Even if the rate of wage growth temporarily swings higher in response to the high inflation rate, if it doesn’t exceed the inflation rate, the rate of real wage growth (nominal rate of wage growth rate – rate of inflation) will be negative, making people’s lives more difficult. Furthermore, if real wages don’t increase sustainably, it is unlikely that prices and wages will rise synergistically and sustainably.
If there is no change in the distribution between companies and workers, the rate of real wage growth will coincide with the rate of labor productivity growth. From this point of view, the rate of real wage growth would increase only when there is an increase in economic potential, i.e., higher labor productivity growth, thus creating a virtuous cycle between prices and wages.
However, the current trend in labor productivity growth is about 0.2% year-on-year when calculated per employee and 0.6% year-on-year when calculated for total employee hours worked, and thus it hasn’t reached the 1% real wage growth rate (i.e., labor productivity growth rate) suggested by the BOJ (see chart).

If we consider the labor productivity growth rate in the early 1990s, when the inflation rate trend was above 2%, it would seem that it would actually be difficult to achieve the 2% inflation target in a stable manner unless the rate of labor productivity growth exceeds 3%.
Under the new administration starting in April, the BOJ is expected to revise its 2% inflation target to a medium- to long-term target and proceed cautiously with the normalization of monetary policy , rather than seizing on the current transitory rates of price and wage growth as a sign that the achievement of the 2% inflation target is now within sight and taking bold steps toward normalization.

Expectations for labor market reforms by the Kishida administration

In his policy speech in January 2023, Prime Minister Kishida proposed a three-pronged labor market reform to achieve structural wage increases by supporting skill development through reskilling, establishing a Japanese-style job-based wage system, and promoting smooth labor mobility towards growth sectors.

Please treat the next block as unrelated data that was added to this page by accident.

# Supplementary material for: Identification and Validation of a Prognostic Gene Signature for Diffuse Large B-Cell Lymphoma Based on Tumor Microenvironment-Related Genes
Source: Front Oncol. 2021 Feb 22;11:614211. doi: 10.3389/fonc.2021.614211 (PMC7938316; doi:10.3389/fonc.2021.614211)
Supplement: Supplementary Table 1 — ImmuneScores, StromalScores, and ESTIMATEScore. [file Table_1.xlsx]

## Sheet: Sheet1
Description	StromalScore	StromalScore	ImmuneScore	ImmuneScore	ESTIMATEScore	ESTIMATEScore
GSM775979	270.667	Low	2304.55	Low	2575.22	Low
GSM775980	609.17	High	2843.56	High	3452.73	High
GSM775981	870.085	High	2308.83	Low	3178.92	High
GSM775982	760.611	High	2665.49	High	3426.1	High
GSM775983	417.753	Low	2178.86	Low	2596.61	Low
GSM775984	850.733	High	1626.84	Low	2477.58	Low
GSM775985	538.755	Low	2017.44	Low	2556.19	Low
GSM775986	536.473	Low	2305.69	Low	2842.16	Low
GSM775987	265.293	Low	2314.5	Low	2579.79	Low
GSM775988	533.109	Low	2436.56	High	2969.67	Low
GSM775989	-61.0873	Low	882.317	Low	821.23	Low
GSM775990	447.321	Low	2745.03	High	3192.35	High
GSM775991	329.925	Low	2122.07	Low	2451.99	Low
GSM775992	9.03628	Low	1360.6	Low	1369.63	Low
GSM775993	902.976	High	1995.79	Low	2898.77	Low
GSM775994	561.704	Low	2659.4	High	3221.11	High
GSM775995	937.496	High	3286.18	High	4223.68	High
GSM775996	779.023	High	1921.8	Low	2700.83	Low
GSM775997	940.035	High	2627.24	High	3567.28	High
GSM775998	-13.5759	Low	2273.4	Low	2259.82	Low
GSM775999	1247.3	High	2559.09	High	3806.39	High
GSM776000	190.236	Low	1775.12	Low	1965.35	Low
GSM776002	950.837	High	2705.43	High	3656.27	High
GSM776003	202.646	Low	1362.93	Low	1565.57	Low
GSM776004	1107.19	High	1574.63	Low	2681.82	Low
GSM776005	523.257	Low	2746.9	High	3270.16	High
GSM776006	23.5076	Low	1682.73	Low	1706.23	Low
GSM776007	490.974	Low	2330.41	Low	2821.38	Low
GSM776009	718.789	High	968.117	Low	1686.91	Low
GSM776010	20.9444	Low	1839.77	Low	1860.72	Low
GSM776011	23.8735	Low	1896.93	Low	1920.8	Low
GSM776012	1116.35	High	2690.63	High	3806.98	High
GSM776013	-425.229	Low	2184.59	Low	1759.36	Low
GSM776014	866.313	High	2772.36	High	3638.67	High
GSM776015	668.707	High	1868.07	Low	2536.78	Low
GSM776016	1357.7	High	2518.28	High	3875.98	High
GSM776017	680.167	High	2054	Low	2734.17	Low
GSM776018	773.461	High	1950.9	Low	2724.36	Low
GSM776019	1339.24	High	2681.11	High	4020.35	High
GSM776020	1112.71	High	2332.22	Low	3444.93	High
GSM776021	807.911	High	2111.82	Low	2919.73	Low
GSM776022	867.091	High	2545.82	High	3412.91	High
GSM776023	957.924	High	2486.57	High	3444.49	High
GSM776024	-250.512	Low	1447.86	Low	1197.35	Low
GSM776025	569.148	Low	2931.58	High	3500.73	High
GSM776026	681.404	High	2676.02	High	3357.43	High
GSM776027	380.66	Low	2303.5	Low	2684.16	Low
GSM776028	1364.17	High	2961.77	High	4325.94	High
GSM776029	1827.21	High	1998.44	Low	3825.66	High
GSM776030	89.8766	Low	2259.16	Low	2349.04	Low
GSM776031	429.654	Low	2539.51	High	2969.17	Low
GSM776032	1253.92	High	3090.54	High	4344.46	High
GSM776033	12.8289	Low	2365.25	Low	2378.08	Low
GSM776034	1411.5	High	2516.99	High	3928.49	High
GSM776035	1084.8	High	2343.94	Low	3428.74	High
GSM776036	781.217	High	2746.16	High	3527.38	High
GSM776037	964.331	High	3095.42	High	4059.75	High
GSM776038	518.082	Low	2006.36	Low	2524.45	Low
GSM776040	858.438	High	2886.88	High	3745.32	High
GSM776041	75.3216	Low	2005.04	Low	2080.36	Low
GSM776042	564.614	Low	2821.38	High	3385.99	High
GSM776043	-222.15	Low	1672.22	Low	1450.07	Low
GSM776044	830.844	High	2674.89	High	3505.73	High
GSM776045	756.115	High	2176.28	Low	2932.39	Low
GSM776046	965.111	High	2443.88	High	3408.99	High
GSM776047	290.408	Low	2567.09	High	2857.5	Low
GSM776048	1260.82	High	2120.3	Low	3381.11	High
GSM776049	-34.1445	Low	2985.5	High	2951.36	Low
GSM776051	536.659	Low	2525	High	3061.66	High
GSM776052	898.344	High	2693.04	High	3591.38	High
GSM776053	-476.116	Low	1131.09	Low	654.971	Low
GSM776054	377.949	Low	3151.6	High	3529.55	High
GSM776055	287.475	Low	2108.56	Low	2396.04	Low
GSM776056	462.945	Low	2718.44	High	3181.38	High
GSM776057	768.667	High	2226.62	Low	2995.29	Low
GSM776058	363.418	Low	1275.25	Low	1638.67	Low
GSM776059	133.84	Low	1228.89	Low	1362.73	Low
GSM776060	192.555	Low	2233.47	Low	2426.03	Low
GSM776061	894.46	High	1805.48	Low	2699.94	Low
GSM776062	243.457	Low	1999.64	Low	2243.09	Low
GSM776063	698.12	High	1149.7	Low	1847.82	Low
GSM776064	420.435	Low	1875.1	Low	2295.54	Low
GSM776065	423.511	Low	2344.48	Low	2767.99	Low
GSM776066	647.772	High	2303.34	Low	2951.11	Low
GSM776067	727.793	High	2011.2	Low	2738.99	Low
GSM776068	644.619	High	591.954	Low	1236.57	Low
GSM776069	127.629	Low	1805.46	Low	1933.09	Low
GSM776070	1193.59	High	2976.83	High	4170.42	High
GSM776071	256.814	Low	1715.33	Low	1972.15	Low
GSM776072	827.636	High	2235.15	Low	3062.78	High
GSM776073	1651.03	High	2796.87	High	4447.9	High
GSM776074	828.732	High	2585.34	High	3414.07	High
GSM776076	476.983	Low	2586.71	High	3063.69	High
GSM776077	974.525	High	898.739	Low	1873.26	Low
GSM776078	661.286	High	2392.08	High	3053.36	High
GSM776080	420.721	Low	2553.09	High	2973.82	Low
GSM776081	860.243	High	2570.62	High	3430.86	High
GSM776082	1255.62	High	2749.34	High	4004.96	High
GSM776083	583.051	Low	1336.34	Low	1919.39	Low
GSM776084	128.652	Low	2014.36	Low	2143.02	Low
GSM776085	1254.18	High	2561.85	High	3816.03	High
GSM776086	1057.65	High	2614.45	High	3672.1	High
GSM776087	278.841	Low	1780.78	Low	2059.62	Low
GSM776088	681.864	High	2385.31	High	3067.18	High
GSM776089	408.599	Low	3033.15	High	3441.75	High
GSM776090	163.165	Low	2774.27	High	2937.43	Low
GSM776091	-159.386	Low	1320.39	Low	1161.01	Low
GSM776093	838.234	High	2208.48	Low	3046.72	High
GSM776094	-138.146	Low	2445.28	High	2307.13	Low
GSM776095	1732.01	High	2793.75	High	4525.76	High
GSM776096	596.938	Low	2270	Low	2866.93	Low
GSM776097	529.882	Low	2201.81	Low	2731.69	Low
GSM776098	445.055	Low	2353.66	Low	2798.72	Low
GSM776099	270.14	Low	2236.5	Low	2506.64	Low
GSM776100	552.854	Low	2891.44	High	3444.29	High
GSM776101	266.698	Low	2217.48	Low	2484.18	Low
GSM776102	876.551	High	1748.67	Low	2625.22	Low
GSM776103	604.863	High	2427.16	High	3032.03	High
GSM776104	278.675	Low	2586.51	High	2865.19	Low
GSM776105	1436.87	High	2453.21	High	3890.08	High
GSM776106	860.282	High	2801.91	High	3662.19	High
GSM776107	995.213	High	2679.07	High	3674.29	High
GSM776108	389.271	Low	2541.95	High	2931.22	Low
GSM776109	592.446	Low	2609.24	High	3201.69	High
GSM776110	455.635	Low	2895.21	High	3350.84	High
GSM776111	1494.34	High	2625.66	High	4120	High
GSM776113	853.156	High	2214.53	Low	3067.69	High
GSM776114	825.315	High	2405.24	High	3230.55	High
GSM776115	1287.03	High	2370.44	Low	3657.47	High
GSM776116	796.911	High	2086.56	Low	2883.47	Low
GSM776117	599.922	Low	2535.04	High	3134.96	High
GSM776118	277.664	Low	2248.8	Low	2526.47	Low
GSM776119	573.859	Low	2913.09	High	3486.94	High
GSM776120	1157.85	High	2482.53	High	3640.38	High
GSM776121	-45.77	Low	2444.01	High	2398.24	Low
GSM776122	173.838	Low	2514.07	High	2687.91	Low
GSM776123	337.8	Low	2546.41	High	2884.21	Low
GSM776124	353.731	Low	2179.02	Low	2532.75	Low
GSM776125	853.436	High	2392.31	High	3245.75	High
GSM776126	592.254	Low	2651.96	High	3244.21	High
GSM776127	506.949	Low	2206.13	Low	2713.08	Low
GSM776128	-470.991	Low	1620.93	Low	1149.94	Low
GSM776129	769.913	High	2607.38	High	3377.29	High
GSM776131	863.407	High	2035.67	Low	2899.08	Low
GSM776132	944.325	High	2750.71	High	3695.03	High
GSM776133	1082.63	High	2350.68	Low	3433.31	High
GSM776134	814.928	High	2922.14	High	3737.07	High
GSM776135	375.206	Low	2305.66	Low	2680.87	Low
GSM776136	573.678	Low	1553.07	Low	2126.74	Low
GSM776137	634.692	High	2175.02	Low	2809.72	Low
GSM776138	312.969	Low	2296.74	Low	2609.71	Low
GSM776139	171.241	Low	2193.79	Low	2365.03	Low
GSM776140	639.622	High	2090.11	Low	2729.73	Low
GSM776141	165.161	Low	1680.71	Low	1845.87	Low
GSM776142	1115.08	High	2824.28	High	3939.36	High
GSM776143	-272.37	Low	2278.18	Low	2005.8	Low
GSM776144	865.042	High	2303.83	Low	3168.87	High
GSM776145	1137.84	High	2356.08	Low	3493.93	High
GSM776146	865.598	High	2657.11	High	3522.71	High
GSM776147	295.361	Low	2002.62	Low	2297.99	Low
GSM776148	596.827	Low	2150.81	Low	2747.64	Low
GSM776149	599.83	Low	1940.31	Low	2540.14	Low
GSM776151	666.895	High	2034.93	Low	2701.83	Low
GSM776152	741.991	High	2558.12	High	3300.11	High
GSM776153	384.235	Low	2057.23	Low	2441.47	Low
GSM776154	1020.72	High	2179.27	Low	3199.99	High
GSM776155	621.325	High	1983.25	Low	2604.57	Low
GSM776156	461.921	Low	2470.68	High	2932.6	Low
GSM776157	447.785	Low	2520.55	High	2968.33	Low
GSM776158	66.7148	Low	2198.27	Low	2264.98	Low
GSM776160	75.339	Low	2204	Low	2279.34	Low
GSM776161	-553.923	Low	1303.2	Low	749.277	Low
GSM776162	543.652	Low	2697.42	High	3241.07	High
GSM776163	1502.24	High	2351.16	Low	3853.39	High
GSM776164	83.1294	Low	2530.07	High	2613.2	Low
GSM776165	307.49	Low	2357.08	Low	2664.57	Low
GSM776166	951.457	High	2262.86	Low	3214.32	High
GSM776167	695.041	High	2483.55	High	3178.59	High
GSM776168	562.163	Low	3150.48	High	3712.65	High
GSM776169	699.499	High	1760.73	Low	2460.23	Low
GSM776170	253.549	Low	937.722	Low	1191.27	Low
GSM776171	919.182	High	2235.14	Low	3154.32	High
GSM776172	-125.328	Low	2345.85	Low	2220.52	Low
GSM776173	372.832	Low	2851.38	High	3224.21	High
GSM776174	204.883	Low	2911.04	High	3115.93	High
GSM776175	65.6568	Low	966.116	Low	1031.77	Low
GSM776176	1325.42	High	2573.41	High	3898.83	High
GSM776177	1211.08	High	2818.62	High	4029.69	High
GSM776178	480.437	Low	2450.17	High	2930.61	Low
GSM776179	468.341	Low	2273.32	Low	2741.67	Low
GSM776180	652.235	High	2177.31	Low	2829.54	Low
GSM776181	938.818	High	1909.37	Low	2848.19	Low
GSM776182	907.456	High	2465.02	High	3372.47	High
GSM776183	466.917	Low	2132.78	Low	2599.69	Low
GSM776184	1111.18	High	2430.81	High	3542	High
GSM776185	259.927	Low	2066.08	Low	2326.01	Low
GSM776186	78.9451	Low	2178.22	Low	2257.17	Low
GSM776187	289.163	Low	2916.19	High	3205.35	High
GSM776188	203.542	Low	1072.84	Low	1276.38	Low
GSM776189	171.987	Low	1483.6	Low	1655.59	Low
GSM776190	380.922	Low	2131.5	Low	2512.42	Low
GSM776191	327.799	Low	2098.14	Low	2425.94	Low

Prime Minister Kishida also called for higher wages in his policy speech a year ago, but at the time he was aiming to raise wages directly through the expansion of the tax system to promote higher wages and through requests to companies to raise their wages. However, it’s difficult to imagine that companies, acting in accordance with economic rationality, will raise base salaries substantially and sustainably in the absence of changes in economic structure, such as labor productivity improvements.
This time around, however, Prime Minister Kishida has set forth a structural wage increase that aims to create an economic environment in which wages will rise sustainably, which I believe is appropriate.

In order to achieve structural wage increases, it would be effective to improve skills and productivity through reskilling and other measures, and then change the seniority-based pay system to a performance-based one so that this will lead to higher wages for employees. Furthermore, in order to link the improvement of individual skills to increased productivity in the economy as a whole, it’s also necessary to increase the liquidity of the labor market. To this end, it’s important that objective market value be reflected in salaries through a performance-based pay system. This is what job-based pay is all about.
Traditional employment practices such as hiring new graduates all at once, seniority-based salary systems, and lifetime employment have supported Japan’s high growth in the past. Today, however, these practices are hindering labor productivity improvements and, as a result, are preventing wages from rising.

The improvement of skills and productivity through reskilling, and the establishment of a Japanese-style salary system, are labor market reforms that will lead to improved labor productivity and increase the potential of the Japanese economy, and are necessary for economic revival in Japan. Although it will take some time for these reforms to take root and have an economic effect, I hope that the Kishida administration will set a firm course to achieve this goal.